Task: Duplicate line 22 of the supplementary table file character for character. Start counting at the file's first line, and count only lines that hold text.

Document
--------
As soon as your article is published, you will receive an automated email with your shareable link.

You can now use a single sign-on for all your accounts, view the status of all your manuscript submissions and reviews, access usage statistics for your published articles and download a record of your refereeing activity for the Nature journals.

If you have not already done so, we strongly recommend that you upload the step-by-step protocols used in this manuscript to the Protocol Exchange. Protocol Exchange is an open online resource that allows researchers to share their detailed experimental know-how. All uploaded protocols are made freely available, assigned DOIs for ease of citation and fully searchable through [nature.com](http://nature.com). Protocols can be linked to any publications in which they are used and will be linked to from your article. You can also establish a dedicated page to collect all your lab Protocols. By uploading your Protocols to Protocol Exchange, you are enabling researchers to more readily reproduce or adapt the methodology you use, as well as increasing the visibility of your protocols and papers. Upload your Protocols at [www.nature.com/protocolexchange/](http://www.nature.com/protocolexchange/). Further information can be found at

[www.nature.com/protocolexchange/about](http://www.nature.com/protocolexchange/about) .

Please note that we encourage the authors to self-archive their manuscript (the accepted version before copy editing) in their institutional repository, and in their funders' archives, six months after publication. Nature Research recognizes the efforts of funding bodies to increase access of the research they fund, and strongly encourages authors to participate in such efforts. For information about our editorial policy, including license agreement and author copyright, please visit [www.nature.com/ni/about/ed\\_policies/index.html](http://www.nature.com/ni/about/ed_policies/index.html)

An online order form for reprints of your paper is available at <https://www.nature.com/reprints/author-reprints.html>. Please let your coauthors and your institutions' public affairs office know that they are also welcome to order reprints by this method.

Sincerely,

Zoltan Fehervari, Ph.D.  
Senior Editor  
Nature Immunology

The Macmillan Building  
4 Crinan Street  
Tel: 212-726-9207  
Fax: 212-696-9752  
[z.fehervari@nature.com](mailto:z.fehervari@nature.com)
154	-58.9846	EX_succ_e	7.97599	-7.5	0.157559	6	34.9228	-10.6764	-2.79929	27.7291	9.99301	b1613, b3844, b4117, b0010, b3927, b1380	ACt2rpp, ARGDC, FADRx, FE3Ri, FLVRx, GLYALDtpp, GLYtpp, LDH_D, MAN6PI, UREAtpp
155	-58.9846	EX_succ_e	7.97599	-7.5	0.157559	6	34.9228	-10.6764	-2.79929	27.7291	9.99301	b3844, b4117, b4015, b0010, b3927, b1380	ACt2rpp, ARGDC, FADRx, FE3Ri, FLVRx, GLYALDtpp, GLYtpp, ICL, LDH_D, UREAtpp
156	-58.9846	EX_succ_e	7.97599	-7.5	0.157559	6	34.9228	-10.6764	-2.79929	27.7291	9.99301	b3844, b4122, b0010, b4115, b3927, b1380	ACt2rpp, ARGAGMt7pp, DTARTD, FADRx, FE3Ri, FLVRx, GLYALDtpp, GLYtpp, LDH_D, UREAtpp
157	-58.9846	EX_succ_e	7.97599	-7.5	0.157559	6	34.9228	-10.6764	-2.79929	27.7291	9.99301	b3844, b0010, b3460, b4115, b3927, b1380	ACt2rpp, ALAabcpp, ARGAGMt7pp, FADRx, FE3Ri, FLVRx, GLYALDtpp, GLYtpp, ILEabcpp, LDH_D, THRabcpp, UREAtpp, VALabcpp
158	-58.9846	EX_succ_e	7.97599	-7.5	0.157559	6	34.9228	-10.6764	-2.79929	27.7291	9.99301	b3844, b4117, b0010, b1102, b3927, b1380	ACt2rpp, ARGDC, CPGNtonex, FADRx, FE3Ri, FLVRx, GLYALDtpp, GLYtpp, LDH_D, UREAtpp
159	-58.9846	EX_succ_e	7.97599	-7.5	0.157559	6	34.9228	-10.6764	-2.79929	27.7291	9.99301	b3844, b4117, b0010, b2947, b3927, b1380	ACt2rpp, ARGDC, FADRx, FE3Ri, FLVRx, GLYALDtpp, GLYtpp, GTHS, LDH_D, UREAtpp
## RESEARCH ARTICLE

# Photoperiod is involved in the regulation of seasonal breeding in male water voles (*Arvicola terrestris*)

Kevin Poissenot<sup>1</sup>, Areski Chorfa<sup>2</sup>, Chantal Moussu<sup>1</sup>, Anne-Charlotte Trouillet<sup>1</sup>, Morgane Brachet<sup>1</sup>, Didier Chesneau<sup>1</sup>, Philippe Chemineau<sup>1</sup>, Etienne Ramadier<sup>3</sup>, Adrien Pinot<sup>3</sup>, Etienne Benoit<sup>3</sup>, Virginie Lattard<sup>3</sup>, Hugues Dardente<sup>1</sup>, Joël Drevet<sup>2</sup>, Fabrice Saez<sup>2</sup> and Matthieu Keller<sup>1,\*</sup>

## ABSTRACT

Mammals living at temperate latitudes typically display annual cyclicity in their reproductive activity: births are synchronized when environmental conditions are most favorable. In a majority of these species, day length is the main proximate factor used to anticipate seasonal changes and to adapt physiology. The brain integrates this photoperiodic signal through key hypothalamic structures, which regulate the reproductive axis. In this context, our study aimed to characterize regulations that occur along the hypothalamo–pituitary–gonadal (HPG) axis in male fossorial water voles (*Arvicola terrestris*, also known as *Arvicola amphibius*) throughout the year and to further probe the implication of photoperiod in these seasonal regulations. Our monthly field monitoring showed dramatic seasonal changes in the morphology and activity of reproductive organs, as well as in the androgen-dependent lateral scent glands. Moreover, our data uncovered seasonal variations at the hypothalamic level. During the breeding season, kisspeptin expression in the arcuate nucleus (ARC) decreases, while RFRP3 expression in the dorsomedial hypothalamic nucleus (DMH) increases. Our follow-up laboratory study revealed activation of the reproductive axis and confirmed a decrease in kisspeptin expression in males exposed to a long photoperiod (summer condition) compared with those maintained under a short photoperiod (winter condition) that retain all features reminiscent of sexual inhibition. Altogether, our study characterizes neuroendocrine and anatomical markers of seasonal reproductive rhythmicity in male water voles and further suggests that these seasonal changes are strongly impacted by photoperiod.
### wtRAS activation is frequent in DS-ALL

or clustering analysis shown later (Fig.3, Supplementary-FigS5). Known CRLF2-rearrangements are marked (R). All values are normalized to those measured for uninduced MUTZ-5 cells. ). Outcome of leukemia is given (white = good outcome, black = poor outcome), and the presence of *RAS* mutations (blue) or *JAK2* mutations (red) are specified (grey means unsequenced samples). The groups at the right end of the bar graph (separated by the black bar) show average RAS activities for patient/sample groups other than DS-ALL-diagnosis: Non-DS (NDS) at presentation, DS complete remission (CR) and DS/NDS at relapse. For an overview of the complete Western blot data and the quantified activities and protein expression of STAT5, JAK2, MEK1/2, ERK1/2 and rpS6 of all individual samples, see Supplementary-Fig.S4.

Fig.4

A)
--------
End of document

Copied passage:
## RESEARCH ARTICLE